October 18, 2017; Progressive Pulse and Winston-Salem Journal
It has been two years since NPQ reported on the legal case of a nonprofit selling power from its solar panels to a Greensboro church. On the face of it, a nonprofit, NC WARN, believed it was helping the church align with its community-serving mission by shifting church energy consumption from fossil fuels to renewables through the sale of energy from solar panels that the nonprofit had installed on the church roof.
NC WARN is part of a much larger national movement that many are calling energy democracy, in which consumers become direct energy producers and thereby shift energy production and consumption from fossil fuels to renewable energy sources. But of course, this shift reduces the profits of the local private monopoly energy provider, which in North Carolina is Duke Energy. Duke responded by urging the state regulator to fine NC WARN $125,000 and $1,000 a day for selling energy from solar panels that generate 5.25 kilowatts of power (a small amount of power basically sufficient to meet the energy needs of a single home). The state regulator decided to levy a smaller fine of $60,000 and said it would suspend the fine if the nonprofit stopped selling power.
In some states, the rights of community members to generate their own power solutions is well established—but those states do not include North Carolina. In September, the North Carolina Court of Appeals ruled for Duke Energy in a split decision, 2-1. Appellate Judges Hunter Murphy and Donna Stroud ruled that the arrangement encroached on Duke’s control of the retail side of electricity production. The one dissenting appellate judge, Chris Dillon, looked at the sole-customer aspect: “I conclude that NC WARN was not acting as a ‘public utility’ because the solar panel system is not serving ‘the public,’ but rather is designed to generate power for a single customer (the church) from the church’s property.” As a result, Dillon’s position was that the power agreement did not risk Duke Power’s control of retail electricity sales.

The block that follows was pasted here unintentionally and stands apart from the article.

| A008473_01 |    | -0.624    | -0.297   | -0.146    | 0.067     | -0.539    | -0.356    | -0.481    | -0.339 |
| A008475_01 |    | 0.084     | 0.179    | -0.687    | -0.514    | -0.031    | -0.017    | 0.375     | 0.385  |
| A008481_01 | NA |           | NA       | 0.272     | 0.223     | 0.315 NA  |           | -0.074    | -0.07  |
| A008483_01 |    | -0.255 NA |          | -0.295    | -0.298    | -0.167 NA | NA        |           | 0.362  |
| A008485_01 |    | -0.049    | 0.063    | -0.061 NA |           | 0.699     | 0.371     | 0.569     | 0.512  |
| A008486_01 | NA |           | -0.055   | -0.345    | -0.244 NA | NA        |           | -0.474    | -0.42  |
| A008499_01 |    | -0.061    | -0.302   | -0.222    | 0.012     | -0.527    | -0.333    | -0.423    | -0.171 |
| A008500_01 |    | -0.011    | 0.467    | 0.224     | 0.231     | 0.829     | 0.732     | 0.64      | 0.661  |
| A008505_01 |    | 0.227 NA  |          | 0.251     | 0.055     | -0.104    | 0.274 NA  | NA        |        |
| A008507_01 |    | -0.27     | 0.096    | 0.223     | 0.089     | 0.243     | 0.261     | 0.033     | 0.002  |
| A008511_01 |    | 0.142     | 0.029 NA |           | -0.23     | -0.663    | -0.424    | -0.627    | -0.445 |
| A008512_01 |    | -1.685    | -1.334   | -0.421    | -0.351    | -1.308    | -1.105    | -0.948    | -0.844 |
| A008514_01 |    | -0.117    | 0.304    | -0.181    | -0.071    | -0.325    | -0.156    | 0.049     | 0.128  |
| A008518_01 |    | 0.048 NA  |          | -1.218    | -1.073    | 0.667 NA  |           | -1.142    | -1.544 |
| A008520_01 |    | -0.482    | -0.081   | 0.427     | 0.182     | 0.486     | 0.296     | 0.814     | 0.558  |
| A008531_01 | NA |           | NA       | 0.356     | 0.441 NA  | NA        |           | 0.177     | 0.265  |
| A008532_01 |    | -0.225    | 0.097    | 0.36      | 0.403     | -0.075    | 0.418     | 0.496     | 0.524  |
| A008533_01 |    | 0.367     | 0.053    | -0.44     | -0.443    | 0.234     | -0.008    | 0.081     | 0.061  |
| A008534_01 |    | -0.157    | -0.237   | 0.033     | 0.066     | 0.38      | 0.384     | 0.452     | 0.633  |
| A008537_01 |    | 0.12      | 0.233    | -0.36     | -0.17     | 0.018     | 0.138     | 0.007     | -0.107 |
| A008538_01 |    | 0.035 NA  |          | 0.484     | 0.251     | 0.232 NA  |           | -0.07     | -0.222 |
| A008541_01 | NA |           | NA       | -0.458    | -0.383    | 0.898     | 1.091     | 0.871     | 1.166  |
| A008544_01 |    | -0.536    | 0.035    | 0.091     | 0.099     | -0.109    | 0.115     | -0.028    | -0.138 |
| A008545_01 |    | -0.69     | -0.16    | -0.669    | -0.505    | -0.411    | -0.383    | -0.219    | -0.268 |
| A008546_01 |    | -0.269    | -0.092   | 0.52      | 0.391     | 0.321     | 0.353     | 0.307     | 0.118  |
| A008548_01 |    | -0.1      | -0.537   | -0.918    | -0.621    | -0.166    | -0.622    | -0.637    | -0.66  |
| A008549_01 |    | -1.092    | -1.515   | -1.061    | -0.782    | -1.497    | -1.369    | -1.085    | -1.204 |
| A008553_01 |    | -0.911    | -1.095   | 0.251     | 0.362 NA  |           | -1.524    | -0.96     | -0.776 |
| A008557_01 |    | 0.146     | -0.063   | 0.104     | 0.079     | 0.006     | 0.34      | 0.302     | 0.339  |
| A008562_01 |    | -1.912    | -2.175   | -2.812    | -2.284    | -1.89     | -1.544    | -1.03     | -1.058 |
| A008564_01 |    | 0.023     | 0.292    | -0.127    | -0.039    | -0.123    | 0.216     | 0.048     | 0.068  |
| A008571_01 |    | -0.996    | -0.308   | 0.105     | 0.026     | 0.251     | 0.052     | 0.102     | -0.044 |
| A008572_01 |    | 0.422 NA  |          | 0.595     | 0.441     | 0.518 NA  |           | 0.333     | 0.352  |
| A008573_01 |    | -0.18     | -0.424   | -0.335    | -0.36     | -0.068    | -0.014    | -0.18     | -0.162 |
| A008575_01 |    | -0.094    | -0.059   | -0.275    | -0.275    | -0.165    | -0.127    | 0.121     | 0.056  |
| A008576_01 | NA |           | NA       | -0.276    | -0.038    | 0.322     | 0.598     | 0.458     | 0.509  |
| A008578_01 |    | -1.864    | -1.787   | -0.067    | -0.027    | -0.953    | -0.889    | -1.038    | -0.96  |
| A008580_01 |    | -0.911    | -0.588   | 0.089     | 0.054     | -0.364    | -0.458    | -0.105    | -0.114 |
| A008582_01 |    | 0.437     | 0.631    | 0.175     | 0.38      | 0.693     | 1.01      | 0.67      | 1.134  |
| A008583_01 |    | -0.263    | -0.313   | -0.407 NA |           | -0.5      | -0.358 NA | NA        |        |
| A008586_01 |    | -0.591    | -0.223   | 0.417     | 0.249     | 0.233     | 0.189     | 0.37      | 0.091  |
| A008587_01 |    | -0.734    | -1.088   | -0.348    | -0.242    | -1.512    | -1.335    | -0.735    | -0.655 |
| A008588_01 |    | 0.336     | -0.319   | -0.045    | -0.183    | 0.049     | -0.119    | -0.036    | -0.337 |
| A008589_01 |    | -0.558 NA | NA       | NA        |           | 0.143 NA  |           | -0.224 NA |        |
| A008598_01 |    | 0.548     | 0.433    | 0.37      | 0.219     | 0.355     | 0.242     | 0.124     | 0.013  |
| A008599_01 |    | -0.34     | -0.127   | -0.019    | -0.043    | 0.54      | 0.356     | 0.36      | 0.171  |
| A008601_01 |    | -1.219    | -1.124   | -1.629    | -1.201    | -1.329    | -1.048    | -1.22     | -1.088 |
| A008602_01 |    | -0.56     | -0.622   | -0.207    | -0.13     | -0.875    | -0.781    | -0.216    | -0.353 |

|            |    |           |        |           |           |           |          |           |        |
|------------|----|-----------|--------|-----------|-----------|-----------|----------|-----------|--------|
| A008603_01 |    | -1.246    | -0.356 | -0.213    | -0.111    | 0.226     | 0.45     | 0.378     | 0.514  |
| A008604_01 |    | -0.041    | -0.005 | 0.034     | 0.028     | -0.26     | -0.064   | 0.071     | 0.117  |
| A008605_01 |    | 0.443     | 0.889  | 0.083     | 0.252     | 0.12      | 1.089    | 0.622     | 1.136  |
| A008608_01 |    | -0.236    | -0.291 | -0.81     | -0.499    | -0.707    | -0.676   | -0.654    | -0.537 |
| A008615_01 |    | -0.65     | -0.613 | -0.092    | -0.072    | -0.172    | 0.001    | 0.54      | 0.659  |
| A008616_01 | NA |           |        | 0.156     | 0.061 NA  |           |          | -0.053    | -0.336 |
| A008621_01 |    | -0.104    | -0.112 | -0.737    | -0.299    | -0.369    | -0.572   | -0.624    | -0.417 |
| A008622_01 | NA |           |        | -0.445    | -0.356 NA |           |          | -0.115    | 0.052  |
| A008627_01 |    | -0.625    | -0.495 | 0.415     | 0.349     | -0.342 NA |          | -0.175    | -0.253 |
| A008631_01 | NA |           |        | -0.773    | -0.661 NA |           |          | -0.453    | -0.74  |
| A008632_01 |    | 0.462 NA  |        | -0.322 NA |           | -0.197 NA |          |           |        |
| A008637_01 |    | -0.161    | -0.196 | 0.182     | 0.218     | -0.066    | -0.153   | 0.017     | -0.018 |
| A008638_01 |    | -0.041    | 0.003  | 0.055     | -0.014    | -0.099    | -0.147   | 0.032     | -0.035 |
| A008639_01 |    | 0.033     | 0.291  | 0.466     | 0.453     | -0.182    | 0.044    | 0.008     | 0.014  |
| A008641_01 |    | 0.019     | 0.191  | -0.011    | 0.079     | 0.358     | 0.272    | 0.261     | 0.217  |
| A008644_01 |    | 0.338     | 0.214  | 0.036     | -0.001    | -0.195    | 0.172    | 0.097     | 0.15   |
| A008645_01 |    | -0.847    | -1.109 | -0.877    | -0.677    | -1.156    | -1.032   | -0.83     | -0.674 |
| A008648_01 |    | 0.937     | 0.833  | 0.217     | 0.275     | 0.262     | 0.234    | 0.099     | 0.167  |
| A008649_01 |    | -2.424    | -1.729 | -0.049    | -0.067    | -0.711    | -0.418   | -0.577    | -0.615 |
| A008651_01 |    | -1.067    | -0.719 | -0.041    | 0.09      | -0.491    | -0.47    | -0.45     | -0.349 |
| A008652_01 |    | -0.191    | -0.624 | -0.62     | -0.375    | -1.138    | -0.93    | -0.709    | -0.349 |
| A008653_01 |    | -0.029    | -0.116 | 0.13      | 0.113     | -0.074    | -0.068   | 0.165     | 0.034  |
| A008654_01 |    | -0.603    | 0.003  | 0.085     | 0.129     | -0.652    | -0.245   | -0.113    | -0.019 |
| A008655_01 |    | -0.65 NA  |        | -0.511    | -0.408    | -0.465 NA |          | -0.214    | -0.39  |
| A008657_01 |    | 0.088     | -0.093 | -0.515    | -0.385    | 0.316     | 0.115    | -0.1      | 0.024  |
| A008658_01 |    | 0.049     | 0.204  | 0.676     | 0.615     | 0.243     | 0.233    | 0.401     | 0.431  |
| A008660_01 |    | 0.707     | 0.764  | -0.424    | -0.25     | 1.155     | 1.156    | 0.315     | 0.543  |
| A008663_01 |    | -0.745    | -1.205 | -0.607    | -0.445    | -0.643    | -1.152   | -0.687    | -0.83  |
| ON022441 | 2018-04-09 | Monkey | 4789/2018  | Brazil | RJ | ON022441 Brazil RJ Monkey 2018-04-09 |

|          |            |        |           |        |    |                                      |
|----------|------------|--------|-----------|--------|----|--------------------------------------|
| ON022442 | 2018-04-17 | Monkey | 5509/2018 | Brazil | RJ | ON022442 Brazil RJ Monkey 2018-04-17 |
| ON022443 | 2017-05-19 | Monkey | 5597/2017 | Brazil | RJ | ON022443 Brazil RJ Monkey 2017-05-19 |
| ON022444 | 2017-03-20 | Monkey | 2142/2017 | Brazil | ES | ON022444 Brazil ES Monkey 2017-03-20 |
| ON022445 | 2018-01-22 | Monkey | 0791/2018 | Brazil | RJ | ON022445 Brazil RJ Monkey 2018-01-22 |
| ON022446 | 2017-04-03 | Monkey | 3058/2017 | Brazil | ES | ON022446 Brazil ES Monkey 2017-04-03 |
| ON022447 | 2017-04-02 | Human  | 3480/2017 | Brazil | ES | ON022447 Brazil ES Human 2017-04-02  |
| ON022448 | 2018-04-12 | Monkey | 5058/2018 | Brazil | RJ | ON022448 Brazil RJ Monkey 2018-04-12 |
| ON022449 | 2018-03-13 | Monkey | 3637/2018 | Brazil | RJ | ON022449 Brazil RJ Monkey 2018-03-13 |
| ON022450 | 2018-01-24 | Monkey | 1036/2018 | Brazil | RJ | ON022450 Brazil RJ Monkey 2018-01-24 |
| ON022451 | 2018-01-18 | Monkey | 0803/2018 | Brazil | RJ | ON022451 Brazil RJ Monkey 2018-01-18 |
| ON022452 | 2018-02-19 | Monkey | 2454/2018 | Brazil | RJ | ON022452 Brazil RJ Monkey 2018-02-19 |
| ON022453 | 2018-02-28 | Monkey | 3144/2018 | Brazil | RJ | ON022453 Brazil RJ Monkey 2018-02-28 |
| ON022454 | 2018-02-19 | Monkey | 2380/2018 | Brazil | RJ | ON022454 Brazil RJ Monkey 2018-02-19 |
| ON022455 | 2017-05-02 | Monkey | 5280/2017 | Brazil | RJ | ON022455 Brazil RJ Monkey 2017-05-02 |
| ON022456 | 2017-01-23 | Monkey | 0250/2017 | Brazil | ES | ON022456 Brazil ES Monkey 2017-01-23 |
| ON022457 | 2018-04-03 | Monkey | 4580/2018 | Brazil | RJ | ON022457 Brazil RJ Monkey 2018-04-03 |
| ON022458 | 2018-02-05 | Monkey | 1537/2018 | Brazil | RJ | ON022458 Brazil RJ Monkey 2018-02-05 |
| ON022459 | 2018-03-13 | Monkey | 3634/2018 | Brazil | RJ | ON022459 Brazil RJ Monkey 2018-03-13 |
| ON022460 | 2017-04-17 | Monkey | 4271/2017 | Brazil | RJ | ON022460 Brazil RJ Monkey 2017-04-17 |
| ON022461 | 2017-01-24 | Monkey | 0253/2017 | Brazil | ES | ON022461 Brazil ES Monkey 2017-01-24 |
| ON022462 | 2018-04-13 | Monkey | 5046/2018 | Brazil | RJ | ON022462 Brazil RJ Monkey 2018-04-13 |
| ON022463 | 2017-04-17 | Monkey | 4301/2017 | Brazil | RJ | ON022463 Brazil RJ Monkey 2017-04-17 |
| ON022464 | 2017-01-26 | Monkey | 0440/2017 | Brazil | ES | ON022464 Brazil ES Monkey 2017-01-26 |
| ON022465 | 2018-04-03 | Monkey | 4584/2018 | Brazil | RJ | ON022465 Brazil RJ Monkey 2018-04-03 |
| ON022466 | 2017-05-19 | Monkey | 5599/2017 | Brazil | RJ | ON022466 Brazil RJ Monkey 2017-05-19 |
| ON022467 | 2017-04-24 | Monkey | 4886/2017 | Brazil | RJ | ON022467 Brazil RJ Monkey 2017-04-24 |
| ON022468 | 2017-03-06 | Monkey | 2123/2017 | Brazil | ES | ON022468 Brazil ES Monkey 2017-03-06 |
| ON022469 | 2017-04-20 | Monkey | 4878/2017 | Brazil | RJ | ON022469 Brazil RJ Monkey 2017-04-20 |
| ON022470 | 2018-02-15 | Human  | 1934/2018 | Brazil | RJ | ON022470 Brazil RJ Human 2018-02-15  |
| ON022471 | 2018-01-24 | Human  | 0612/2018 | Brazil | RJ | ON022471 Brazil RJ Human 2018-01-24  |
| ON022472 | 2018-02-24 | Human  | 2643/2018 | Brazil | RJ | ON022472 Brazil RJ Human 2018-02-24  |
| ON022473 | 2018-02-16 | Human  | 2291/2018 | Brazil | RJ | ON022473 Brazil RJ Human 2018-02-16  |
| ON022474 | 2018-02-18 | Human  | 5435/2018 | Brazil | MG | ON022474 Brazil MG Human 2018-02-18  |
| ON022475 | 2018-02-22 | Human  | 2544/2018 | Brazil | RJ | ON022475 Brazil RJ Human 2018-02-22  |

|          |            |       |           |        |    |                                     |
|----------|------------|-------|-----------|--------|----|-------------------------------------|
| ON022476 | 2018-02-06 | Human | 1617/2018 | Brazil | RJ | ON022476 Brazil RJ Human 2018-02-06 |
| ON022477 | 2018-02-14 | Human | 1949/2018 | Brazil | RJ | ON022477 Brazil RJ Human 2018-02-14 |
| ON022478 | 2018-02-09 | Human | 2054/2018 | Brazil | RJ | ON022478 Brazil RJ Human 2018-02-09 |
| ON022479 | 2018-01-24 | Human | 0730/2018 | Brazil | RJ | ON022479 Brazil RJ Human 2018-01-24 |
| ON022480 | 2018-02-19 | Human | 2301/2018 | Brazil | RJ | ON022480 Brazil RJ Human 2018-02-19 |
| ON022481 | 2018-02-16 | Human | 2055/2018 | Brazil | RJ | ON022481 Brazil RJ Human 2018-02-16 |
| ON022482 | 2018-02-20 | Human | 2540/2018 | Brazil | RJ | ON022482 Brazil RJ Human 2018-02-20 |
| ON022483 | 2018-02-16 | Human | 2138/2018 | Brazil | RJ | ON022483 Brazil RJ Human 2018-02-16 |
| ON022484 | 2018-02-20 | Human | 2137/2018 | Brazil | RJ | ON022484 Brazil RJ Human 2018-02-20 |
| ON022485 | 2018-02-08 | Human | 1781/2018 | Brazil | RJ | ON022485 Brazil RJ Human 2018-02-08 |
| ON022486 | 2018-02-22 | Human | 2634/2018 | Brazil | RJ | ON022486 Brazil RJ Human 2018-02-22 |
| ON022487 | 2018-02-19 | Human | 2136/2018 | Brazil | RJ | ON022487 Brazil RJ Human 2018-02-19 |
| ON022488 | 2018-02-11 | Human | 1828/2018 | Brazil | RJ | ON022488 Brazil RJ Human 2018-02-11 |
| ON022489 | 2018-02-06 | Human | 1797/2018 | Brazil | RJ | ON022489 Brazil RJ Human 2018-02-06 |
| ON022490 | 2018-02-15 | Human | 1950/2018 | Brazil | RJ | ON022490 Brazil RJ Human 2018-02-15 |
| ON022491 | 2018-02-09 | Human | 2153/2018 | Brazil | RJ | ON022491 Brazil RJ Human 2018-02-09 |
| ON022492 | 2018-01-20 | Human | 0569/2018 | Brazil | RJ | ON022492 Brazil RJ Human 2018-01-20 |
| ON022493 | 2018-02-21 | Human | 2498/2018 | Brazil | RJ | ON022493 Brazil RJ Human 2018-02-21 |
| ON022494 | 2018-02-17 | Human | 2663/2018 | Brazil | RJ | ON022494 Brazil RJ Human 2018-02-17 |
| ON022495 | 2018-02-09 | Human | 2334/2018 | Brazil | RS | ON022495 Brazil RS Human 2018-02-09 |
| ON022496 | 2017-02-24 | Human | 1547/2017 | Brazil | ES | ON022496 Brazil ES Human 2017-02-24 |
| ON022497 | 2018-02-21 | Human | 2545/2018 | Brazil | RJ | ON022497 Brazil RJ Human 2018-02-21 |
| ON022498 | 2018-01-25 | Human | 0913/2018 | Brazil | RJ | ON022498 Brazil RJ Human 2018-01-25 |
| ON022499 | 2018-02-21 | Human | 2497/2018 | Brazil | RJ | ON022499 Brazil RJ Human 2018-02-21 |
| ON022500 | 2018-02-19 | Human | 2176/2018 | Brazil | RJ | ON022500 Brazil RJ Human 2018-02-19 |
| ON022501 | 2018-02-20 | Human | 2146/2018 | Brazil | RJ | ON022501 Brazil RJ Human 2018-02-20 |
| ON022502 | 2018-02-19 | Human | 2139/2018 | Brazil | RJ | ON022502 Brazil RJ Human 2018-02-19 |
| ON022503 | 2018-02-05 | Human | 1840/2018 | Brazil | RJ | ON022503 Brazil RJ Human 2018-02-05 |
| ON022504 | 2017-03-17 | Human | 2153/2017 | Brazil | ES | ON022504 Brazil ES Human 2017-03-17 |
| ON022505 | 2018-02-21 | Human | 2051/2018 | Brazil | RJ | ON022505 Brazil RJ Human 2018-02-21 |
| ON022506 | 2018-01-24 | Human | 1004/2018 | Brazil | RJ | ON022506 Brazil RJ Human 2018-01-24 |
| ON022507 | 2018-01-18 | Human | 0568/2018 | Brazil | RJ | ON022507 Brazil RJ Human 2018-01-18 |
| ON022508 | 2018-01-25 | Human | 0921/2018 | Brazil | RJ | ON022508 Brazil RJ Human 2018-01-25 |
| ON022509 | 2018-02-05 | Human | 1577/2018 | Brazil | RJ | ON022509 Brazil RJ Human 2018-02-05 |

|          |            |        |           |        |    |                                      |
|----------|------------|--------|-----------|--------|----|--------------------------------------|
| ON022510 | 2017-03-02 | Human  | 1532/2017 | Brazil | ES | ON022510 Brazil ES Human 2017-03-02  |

Split decisions automatically take a case to the state supreme court, and NC WARN has filed its intent to appeal. The Rev. Nelson Johnson, pastor of Faith Community Church, issued a statement about the case:
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We are eager to take this pivotal case to the NC Supreme Court with our partners at NC WARN. With the ominous recent advances of global heat and destructive weather that are hurting so many people nearby and around the world, there has never been a more important time to challenge Duke Energy’s attempts to control the benefits we are all provided by the sun.
This year, North Carolina passed legislation making it legal under specific parameters to have third-party solar power leases. But Duke Power objects to NC WARN providing its own financing agreement and objects to NC WARN selling the power directly to the church.
NC WARN was keeping to its mission with the sale of solar power, as it tackles climate change by advocating for environmental justice and assisting in transitions to renewable energy, but pursuing such a mission is not always easy, particularly when doing so challenges the profit-making ability of the local monopoly energy provider. For the moment, the sale of the solar power to the church is on hold, and any money the church has already paid is being held in an escrow account until the case is settled.—Marian Conway
Correction: This article has been altered from its original form. The chain of events that brought NC WARN and Duke Energy into the appellate court has been clarified and corrected.